Montreal's mayor has resigned in the midst of a corruption scandal, becoming the highest-profile political casualty of the controversies currently rocking Quebec.
Gerald Tremblay said he had done nothing wrong but was stepping aside for the greater good of a city that is now politically paralyzed. Large construction contracts have been frozen and even the municipal budget has had to be rewritten in recent days.
"I cannot help anymore, given the circumstances," Tremblay said in a solemn resignation announcement late Monday at city hall.
The 70-year-old mayor held onto office just long enough to delay an election to replace him — which would have been triggered had he resigned only a few days earlier.
Tremblay avoided the public eye last week and took two days off work. Because he left after Nov. 3, one year before the next scheduled election, provincial law says he can now be replaced with an interim mayor chosen by the city council that is controlled by his scandal-plagued party.
He insisted he was unaware of corruption in his administration and only learned about it after the fact, saying Monday that he felt betrayed by the people who had abused his trust.
Tremblay cast himself as a victim of wrongdoing.
"My father always told me not to go into politics because it was dirty and people would destroy me," Tremblay said, adding that his love of Quebec and Montreal drew him to provincial and municipal politics over a 25-year career.
"I dedicated myself fully to the success of Montreal — with Judeo-Christian values of charity, solidarity, integrity, respect, openness."
Monday's announcement came after years of scandal that, over time, inched uncomfortably close to the mayor. Tremblay's onetime closest associates have either been slapped with criminal charges or been accused of corruption at an ongoing inquiry.
The latest, sharpest blow came last week: a witness at the inquiry said Tremblay was not only aware of illegal financing within his political party but was indifferent to it.
This was after the mayor had spent more than three years telling Montrealers that he'd been unaware of any corruption within his party or administration.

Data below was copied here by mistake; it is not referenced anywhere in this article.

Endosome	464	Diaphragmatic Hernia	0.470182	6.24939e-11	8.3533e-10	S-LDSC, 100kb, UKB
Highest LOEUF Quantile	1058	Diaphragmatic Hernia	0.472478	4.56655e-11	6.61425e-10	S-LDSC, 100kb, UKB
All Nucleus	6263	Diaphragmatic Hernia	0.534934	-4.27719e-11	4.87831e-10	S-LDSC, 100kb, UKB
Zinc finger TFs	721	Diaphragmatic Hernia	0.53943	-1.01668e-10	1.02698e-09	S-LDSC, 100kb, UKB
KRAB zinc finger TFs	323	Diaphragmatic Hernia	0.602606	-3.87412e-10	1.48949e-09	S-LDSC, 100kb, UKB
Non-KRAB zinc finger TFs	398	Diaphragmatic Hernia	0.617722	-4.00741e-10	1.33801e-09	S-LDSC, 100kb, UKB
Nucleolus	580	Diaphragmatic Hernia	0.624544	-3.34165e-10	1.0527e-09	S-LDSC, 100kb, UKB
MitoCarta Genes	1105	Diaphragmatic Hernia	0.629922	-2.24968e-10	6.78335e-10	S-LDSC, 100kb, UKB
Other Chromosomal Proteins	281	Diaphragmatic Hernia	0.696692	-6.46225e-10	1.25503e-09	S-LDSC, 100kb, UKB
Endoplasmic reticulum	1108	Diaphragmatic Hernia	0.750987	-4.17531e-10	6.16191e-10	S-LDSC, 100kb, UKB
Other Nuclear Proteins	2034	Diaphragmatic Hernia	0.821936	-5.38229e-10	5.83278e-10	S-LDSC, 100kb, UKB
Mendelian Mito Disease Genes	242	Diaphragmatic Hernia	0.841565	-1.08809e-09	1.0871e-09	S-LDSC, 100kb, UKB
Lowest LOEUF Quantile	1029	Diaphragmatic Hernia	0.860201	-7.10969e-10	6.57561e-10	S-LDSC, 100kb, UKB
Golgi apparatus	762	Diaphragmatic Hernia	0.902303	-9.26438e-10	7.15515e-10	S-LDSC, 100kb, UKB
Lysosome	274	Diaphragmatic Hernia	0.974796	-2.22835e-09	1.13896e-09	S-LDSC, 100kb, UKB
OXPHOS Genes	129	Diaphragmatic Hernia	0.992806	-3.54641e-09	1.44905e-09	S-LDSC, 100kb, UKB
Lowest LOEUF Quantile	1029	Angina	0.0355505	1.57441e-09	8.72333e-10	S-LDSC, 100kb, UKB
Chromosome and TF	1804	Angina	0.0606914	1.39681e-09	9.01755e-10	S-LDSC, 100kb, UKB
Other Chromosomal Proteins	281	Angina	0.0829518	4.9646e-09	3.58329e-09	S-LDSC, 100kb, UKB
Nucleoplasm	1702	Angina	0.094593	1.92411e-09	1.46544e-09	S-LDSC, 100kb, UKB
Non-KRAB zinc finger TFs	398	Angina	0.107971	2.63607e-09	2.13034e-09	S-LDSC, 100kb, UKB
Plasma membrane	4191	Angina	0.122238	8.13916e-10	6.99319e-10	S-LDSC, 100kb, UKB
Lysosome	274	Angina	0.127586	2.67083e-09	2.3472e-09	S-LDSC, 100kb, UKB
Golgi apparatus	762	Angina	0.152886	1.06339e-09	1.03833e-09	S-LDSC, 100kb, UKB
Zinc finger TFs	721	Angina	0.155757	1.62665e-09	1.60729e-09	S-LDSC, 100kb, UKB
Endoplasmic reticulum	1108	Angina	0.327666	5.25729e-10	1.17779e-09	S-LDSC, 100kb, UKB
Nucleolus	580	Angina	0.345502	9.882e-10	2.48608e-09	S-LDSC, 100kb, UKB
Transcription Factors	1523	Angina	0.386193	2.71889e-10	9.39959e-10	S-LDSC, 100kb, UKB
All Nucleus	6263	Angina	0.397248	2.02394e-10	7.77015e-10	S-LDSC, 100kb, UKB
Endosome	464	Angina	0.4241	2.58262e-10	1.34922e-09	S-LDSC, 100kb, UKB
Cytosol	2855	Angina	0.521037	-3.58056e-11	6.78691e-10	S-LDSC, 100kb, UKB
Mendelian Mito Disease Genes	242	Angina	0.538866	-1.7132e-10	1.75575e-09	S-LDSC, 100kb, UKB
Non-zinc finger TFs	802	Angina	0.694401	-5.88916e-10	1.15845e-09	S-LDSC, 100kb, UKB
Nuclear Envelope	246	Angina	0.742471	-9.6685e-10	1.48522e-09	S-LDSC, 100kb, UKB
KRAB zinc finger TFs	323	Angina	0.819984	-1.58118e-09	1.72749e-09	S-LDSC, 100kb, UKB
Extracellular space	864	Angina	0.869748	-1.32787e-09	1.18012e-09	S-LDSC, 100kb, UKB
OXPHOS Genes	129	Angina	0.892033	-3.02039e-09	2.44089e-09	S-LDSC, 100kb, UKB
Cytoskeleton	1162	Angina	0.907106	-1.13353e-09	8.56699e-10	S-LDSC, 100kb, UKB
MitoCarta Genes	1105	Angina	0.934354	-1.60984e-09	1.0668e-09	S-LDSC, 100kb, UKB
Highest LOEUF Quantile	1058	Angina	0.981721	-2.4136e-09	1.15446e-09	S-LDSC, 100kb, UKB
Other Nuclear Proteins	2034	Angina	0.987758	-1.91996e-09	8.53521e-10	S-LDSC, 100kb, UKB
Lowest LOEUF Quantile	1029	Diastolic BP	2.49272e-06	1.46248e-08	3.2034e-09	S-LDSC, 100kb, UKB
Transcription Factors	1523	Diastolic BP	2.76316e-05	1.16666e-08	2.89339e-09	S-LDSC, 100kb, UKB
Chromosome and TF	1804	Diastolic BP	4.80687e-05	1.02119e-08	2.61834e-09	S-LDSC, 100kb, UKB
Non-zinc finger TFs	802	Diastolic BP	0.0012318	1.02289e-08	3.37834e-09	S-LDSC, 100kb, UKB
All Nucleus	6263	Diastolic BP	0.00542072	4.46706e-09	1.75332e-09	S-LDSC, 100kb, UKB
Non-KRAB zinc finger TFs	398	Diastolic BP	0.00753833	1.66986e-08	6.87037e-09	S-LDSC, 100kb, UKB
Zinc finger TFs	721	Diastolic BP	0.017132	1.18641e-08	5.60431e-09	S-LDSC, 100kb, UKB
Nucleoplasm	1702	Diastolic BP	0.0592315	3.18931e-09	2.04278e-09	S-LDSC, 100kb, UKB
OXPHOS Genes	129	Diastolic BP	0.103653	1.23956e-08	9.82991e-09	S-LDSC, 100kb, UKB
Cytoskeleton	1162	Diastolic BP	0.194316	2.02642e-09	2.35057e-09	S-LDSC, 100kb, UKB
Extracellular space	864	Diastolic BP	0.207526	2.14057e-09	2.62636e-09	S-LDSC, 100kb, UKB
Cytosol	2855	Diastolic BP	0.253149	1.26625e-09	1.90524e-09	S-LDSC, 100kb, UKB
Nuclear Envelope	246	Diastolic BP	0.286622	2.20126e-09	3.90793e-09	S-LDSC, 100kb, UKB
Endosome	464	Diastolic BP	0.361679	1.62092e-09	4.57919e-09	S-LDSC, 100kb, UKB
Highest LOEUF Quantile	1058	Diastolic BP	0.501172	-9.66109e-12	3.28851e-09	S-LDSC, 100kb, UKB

In making his resignation announcement, Tremblay denied that the 2004 meeting ever even happened. He said other recent allegations against him have been motivated by "hidden agendas" that would be exposed someday.
"That meeting never took place. Those allegations are false," Tremblay said of the testimony from former aide Martin Dumont, who said the mayor got up and left the room during a 2004 meeting the moment illegal party financing came up.
"I am going through a period of unbearable injustice... One day, justice will be done."
True or not, the latest allegation from his former party worker, in testimony at the Charbonneau inquiry, was incendiary enough to torch his administration. There had already been calls for his resignation. Now he found himself suddenly struggling to pass a budget.
Within only two days last week, his administration was forced to back down from a budget that had included property-tax hikes.
The tax increase had caused enough of a backlash that even the provincial government weighed in on it. The PQ government echoed the sentiments of angry citizens who fumed at the idea of having to pay more to an administration whose legitimacy had been so tarnished.
Amid the outcry, Tremblay decided to take a short break last week. He skipped work for two days and cancelled a pair of public appearances. The timing of his no-show was politically significant.
If Tremblay had quit before Nov. 3, one year ahead of the 2013 municipal election, it would have triggered an early mayoral vote. A resignation less than one year before an election, under Quebec law, means city council can pick a replacement. Tremblay's party controls council.
He turned 70 in September.
A lawyer by trade, he was called to the Quebec Bar in 1970. He also holds an MBA from Harvard Business School.
A former Quebec provincial politician, Tremblay was elected to the provincial legislature as a Liberal in 1989 and he served as industry minister until 1994.
His entry into municipal politics was propelled a decade ago by the last Parti Quebecois government's plan to merge the island of Montreal into one megacity.
The plan was, ironically, led by his current adversary at city hall, Louise Harel, who was the provincial municipal-affairs minister.
Tremblay harnessed the angst and anger over the plan, getting overwhelming support from suburban and anglophone voters and sweeping to power in 2001.
He was re-elected in 2005 and again in 2009 for his third term as mayor. Less than 40 per cent of Montrealers bothered to vote last time. Allegations had already begun surfacing about irregularities in the awarding of public contracts and illegal political financing.
Tremblay survived the vote, partly because the main opposition party led by Harel dealt with controversies of its own.
He was contrite following his win.
"I want Montrealers to know that I know the mandate they've given me comes with great responsibility," Tremblay said following his narrow 2009 victory. "I'm aware that the confidence of Montrealers has been put to the test."
Photo: Canadian Press